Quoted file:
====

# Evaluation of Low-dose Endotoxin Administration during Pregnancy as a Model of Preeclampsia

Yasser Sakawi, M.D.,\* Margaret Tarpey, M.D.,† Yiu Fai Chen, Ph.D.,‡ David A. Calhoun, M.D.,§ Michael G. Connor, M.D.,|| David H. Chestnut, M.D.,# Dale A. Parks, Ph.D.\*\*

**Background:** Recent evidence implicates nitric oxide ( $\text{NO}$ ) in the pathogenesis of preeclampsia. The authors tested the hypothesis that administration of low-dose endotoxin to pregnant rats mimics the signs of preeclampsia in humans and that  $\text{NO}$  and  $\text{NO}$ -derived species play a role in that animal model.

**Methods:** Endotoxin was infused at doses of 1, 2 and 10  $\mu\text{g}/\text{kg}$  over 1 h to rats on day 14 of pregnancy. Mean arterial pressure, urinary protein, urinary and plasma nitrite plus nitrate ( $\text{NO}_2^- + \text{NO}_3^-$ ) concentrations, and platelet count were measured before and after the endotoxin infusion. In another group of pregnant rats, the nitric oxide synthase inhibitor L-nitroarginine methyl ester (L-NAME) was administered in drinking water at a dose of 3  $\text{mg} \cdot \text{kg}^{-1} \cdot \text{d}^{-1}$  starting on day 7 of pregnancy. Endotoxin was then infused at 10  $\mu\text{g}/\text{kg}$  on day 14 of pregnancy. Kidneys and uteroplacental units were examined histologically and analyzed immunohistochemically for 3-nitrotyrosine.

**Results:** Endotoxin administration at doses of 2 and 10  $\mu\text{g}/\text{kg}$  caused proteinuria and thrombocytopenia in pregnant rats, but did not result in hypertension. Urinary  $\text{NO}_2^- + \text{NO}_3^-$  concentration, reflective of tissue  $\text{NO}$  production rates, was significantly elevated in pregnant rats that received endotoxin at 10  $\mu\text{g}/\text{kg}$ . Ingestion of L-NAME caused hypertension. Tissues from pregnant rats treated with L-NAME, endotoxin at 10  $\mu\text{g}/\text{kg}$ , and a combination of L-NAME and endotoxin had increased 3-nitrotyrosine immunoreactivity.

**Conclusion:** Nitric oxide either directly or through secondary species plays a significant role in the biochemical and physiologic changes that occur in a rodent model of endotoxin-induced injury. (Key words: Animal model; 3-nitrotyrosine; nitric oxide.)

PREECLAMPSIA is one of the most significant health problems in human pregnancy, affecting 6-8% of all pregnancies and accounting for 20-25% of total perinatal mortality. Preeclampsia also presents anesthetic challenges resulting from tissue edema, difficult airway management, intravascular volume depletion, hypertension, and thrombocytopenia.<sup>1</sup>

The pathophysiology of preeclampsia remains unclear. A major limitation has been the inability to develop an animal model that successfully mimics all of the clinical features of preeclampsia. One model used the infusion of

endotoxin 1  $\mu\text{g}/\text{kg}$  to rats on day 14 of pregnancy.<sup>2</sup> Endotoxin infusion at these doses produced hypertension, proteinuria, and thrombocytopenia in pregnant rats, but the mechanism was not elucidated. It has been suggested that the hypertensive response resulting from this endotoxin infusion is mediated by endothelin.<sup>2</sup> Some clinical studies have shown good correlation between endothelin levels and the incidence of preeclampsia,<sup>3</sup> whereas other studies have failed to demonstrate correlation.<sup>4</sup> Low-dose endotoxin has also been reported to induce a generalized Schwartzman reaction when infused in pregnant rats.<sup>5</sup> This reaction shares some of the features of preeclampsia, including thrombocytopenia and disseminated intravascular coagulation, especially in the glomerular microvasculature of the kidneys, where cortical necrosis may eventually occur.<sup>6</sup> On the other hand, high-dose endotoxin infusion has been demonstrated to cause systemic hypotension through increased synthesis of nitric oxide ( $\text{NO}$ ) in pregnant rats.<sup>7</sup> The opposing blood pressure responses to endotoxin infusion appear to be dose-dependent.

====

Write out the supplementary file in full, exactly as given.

# Evaluation of Low-dose Endotoxin Administration during Pregnancy as a Model of Preeclampsia

Yasser Sakawi, M.D.,\* Margaret Tarpey, M.D.,† Yiu Fai Chen, Ph.D.,‡ David A. Calhoun, M.D.,§ Michael G. Connor, M.D.,|| David H. Chestnut, M.D.,# Dale A. Parks, Ph.D.\*\*

**Background:** Recent evidence implicates nitric oxide ( $\text{NO}$ ) in the pathogenesis of preeclampsia. The authors tested the hypothesis that administration of low-dose endotoxin to pregnant rats mimics the signs of preeclampsia in humans and that  $\text{NO}$  and  $\text{NO}$ -derived species play a role in that animal model.

**Methods:** Endotoxin was infused at doses of 1, 2 and 10  $\mu\text{g}/\text{kg}$  over 1 h to rats on day 14 of pregnancy. Mean arterial pressure, urinary protein, urinary and plasma nitrite plus nitrate ( $\text{NO}_2^- + \text{NO}_3^-$ ) concentrations, and platelet count were measured before and after the endotoxin infusion. In another group of pregnant rats, the nitric oxide synthase inhibitor L-nitroarginine methyl ester (L-NAME) was administered in drinking water at a dose of 3  $\text{mg} \cdot \text{kg}^{-1} \cdot \text{d}^{-1}$  starting on day 7 of pregnancy. Endotoxin was then infused at 10  $\mu\text{g}/\text{kg}$  on day 14 of pregnancy. Kidneys and uteroplacental units were examined histologically and analyzed immunohistochemically for 3-nitrotyrosine.

**Results:** Endotoxin administration at doses of 2 and 10  $\mu\text{g}/\text{kg}$  caused proteinuria and thrombocytopenia in pregnant rats, but did not result in hypertension. Urinary  $\text{NO}_2^- + \text{NO}_3^-$  concentration, reflective of tissue  $\text{NO}$  production rates, was significantly elevated in pregnant rats that received endotoxin at 10  $\mu\text{g}/\text{kg}$ . Ingestion of L-NAME caused hypertension. Tissues from pregnant rats treated with L-NAME, endotoxin at 10  $\mu\text{g}/\text{kg}$ , and a combination of L-NAME and endotoxin had increased 3-nitrotyrosine immunoreactivity.

**Conclusion:** Nitric oxide either directly or through secondary species plays a significant role in the biochemical and physiologic changes that occur in a rodent model of endotoxin-induced injury. (Key words: Animal model; 3-nitrotyrosine; nitric oxide.)

PREECLAMPSIA is one of the most significant health problems in human pregnancy, affecting 6-8% of all pregnancies and accounting for 20-25% of total perinatal mortality. Preeclampsia also presents anesthetic challenges resulting from tissue edema, difficult airway management, intravascular volume depletion, hypertension, and thrombocytopenia.<sup>1</sup>

The pathophysiology of preeclampsia remains unclear. A major limitation has been the inability to develop an animal model that successfully mimics all of the clinical features of preeclampsia. One model used the infusion of

endotoxin 1  $\mu\text{g}/\text{kg}$  to rats on day 14 of pregnancy.<sup>2</sup> Endotoxin infusion at these doses produced hypertension, proteinuria, and thrombocytopenia in pregnant rats, but the mechanism was not elucidated. It has been suggested that the hypertensive response resulting from this endotoxin infusion is mediated by endothelin.<sup>2</sup> Some clinical studies have shown good correlation between endothelin levels and the incidence of preeclampsia,<sup>3</sup> whereas other studies have failed to demonstrate correlation.<sup>4</sup> Low-dose endotoxin has also been reported to induce a generalized Schwartzman reaction when infused in pregnant rats.<sup>5</sup> This reaction shares some of the features of preeclampsia, including thrombocytopenia and disseminated intravascular coagulation, especially in the glomerular microvasculature of the kidneys, where cortical necrosis may eventually occur.<sup>6</sup> On the other hand, high-dose endotoxin infusion has been demonstrated to cause systemic hypotension through increased synthesis of nitric oxide ( $\text{NO}$ ) in pregnant rats.<sup>7</sup> The opposing blood pressure responses to endotoxin infusion appear to be dose-dependent.